The Dixie Chicks cover Allure: ‘The politics of this band is inseparable from the music’

I’m sure some of the “kids” who read this blog don’t have strong memories of what went down with the Dixie Chicks in 2003. Lord, that was 17 years ago, such craziness. What happened was a very, very BIG deal and it is still something that, even now, is one of the first things Natalie Maines, Martie Maguire and Emily Strayer are asked about in interviews. What happened was that in 2003, just days before we officially “went to war” in Iraq, the Dixie Chicks were performing in London, at a small venue called Shepherd’s Bush Empire. Natalie, the lead singer, went to the microphone and told the crowd: “Just so you know, we’re on the good side with y’all. We do not want this war, this violence. And we’re ashamed the president of the United States is from Texas.”

The reaction was immediate. People broke and burned their CDs. Radio stations around the country – especially country music stations – completely banned their music. They were banned from attending and performing at most country-music awards shows. They lost thousands of fans and became a cultural/political hot potato. They’ve done interviews since then obviously, and Beyonce even brought them on the CMA stage to perform “Daddy Lessons.” It seemed like there has been some minor softening here and there. Now they’ve got a new album, new music and… they’re still the same people. You can read the full Allure cover story here. Of course they all talk about What Happened and the aftermath of it and all of that.

Why Natalie said that in 2003: “I wanted the audience to know who we were and what we were about. I do not like when artists get on their soapbox — it’s not what people are there for. They’re there to listen to your music.” At the same time: “The politics of this band is inseparable from the music.”

Strayer on their new album, Gaslighter: “I’m so proud of this album. No matter what happens with it. It might be a slow burn; it might be a quick burn. I don’t know, but it will find its way to our fans. No matter what happens with all the radio or outlets or whatever, it’ll make its way.” Maines jumps in: “I felt the most pride in our last album — maybe it was worth the controversy. It was so personal and so honest; this album even more so. Our manager was like, ‘Do you not care about a number one?’ When you have achieved all your dreams, everything else is sprinkled on top. I prefer my kids like me than having a number one record. It doesn’t mean that I won’t be grateful when it happens.”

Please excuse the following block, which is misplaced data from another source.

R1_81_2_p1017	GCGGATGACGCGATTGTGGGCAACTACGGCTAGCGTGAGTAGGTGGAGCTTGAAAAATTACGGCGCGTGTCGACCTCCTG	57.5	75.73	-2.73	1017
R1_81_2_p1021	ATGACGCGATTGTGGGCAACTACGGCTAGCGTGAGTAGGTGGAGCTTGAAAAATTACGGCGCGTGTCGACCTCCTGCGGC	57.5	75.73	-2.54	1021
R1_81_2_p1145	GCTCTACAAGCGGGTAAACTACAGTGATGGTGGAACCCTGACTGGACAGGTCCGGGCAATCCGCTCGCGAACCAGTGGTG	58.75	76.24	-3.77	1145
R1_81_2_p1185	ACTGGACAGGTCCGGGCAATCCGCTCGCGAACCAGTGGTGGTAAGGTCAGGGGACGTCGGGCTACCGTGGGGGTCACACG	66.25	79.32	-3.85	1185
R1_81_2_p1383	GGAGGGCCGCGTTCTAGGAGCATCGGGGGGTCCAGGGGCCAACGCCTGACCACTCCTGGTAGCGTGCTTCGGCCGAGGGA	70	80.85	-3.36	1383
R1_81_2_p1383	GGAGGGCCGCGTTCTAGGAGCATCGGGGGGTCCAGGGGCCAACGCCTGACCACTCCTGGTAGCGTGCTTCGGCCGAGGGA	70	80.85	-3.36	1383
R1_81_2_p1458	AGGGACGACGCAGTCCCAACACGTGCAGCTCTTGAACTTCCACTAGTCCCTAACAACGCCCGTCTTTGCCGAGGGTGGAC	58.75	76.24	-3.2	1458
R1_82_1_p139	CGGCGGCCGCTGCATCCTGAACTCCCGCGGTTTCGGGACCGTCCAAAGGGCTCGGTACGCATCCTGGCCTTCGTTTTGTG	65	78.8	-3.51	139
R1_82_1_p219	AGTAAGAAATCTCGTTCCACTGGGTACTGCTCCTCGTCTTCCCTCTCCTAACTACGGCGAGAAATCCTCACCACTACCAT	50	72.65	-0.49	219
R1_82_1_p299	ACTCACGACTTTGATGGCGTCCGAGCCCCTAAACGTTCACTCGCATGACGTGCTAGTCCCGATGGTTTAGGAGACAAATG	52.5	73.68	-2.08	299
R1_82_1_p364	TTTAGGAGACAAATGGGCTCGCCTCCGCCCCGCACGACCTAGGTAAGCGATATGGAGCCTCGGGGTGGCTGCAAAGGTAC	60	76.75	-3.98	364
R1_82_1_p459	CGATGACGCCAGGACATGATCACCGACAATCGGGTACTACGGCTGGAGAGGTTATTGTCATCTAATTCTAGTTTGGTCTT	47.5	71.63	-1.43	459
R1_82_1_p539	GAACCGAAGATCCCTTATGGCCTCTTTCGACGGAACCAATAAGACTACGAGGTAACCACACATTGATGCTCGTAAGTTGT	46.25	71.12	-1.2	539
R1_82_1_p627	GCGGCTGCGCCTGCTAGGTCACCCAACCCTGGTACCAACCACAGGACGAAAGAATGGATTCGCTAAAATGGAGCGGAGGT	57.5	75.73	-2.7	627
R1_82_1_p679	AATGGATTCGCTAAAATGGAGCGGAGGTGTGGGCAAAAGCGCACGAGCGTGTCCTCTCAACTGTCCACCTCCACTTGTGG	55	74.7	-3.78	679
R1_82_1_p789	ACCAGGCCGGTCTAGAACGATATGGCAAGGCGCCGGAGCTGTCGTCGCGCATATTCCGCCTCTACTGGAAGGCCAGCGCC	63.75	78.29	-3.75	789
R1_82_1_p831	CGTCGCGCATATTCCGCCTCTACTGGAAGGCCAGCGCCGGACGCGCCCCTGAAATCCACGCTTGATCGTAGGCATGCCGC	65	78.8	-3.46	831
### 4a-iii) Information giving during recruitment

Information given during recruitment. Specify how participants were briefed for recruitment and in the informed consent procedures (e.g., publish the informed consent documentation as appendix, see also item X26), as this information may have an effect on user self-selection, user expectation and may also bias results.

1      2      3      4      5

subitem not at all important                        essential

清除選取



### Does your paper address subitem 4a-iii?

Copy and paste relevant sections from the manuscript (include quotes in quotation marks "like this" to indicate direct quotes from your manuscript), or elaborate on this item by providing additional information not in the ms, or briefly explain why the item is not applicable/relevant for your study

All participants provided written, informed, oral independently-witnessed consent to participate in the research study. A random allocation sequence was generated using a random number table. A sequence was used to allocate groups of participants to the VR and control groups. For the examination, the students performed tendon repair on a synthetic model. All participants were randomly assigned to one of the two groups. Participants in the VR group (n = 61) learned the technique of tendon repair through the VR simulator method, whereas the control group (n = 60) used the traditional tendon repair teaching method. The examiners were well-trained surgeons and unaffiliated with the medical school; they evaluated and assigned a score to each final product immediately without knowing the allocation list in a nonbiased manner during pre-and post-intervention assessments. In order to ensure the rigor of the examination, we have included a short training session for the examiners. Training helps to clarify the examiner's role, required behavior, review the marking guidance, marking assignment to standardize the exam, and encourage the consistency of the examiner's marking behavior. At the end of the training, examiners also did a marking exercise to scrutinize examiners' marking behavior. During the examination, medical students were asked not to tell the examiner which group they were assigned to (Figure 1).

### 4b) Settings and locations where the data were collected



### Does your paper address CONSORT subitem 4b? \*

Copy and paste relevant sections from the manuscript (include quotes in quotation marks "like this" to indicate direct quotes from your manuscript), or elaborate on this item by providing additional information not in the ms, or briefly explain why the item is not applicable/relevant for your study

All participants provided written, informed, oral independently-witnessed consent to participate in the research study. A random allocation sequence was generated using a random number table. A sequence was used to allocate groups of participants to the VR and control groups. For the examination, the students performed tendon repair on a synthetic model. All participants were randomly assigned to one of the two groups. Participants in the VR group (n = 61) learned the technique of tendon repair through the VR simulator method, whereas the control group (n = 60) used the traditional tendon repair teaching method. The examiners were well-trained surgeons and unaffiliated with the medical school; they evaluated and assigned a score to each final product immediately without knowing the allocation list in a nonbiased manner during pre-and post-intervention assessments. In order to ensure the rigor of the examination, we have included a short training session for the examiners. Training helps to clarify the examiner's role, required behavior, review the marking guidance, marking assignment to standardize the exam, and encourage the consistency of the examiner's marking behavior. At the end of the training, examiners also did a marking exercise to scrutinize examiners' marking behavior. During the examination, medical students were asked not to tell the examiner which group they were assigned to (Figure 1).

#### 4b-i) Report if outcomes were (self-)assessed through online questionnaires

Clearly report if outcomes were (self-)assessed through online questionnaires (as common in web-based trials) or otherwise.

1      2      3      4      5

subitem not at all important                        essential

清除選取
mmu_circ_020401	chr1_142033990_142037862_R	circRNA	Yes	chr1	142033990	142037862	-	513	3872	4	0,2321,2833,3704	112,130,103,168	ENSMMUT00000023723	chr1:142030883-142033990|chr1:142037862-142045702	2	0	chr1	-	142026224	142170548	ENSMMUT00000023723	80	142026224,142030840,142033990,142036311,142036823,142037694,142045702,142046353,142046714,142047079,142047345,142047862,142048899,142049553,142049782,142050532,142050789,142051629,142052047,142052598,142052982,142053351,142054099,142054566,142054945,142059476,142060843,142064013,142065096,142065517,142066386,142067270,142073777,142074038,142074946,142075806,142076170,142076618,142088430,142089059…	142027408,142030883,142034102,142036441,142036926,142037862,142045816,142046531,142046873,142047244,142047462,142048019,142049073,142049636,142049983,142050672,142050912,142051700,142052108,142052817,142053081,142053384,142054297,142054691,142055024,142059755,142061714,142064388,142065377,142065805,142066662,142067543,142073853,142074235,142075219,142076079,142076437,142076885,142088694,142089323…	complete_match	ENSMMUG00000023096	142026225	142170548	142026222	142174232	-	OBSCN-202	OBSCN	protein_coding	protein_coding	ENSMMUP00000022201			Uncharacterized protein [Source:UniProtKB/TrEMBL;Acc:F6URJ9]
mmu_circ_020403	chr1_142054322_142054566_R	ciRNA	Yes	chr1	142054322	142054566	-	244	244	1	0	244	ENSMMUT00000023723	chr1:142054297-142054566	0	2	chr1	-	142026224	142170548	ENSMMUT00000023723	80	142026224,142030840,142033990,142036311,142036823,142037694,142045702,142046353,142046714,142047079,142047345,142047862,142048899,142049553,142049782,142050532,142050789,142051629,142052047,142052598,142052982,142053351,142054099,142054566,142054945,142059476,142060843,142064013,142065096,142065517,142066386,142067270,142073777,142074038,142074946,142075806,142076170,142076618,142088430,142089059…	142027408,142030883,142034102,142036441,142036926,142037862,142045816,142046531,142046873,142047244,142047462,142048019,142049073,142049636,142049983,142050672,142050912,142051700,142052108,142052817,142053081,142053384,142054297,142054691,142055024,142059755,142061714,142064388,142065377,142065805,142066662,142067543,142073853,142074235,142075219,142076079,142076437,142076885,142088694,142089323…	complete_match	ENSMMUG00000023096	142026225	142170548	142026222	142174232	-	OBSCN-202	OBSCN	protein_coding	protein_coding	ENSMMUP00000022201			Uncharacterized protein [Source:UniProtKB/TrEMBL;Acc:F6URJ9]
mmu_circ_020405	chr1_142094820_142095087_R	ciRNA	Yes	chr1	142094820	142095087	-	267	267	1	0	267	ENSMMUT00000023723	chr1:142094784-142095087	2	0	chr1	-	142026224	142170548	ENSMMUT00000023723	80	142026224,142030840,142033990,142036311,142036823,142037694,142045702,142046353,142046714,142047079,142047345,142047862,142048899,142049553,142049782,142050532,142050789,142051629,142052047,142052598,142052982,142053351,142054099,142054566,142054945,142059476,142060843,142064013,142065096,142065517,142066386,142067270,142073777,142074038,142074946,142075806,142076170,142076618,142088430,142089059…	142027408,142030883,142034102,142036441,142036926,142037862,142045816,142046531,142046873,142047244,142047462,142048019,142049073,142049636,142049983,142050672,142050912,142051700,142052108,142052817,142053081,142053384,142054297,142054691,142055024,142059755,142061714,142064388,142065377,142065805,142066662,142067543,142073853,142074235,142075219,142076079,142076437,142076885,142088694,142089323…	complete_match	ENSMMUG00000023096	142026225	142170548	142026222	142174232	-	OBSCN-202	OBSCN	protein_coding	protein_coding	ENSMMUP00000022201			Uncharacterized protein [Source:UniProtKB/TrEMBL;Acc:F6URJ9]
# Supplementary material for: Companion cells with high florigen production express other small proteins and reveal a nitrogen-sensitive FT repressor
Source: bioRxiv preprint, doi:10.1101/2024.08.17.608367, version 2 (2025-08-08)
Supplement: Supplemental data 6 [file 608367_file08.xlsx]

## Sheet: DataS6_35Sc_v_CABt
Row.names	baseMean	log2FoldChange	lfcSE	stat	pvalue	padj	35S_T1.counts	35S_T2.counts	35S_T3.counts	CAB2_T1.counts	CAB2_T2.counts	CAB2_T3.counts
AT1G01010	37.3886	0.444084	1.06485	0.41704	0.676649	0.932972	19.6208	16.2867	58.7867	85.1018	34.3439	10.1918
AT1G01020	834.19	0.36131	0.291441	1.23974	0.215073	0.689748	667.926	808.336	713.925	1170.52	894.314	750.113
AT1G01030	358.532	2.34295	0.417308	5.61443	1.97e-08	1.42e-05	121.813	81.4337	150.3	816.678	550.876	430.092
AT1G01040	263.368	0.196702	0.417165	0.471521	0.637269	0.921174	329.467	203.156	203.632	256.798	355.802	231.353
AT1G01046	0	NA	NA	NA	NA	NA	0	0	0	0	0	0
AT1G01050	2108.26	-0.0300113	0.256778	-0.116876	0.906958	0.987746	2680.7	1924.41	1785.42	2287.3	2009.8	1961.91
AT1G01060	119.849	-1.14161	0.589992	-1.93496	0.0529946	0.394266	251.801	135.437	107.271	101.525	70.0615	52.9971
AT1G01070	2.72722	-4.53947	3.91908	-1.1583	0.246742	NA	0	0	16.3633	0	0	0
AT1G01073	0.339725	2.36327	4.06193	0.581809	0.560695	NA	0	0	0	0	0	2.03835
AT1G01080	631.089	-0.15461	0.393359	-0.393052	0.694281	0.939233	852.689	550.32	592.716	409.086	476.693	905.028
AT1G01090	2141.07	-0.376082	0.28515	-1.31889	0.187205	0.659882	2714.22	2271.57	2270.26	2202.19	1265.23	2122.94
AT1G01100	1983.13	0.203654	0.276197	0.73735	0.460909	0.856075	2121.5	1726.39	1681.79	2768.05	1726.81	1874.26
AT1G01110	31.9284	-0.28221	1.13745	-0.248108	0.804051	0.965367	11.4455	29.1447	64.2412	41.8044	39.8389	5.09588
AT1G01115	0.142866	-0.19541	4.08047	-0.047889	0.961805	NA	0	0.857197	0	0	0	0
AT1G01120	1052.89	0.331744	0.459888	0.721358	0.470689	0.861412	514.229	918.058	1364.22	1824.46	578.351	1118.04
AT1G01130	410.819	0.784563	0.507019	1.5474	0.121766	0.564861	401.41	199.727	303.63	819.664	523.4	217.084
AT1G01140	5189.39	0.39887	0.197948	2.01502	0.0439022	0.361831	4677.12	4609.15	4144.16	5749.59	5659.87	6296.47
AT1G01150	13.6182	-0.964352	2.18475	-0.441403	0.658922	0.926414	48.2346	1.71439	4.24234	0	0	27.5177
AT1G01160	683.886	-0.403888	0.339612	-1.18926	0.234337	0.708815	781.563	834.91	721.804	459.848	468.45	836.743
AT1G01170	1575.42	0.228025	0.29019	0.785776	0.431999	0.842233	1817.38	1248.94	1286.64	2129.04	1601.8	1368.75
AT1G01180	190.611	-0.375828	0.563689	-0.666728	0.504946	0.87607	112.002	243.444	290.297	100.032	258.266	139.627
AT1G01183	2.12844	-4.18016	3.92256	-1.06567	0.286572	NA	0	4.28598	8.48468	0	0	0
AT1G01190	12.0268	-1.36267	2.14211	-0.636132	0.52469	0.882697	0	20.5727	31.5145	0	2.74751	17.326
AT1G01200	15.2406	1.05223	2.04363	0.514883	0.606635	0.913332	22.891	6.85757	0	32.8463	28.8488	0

If they knew then what they know now, would Natalie still have said that? “Oh, that’s an interesting question. I have no regrets, but the responsible part of me doesn’t want to put people through sh-t.” She looks at Strayer and Maguire. “I feel like you might’ve said something smarter or different,” says Strayer. “Well, I always wish I had said something smarter!” Maines replies. “But when I think back, it’s like that movie Sliding Doors, right? Where would we be today if I hadn’t said that? That’s interesting. I really don’t know if I would take it back.”

Whether Emily & Martie were mad: “For five seconds in the elevator,” Strayer says. “Really? You were mad?” Maines looks shocked. “It was that next day,” Strayer says. “I said something. You don’t remember that conversation?” “I don’t remember you being mad.” “Mad is not the right word, but I remember being in the elevator, and I was like, ‘I’m glad it wasn’t me.’ It was more like scared-mad.” “It was a bad situation,” says Maines.

Emily on how different music is these days: “At the Grammys, how many performances were with women playing instruments? Is it still surprising that a female can play an instrument proficiently?” Maines agrees: “I don’t know about you guys, but when I see a girl rip a guitar solo, I’m blown away. It’s still very rare.”

[From Allure]

It’s weird to think “would you do it knowing what you know now?” And Natalie doesn’t really know. I think she probably would have said something similar, but maybe more well-thought out? I don’t know. I never understood why the crash was so immediate – obviously, country music was then (and is still now) closer to the GOP than the Democratic Party. And the “eve of war” bothered a lot of people too. But… it was done and Natalie was honest about how she felt then, and people massively overreacted. It’s so weird to think that just two years later, Kanye West did the “George Bush doesn’t care about black people” thing at the Katrina telethon. Seriously, JUST TWO YEARS LATER.

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Photos courtesy of Allure.

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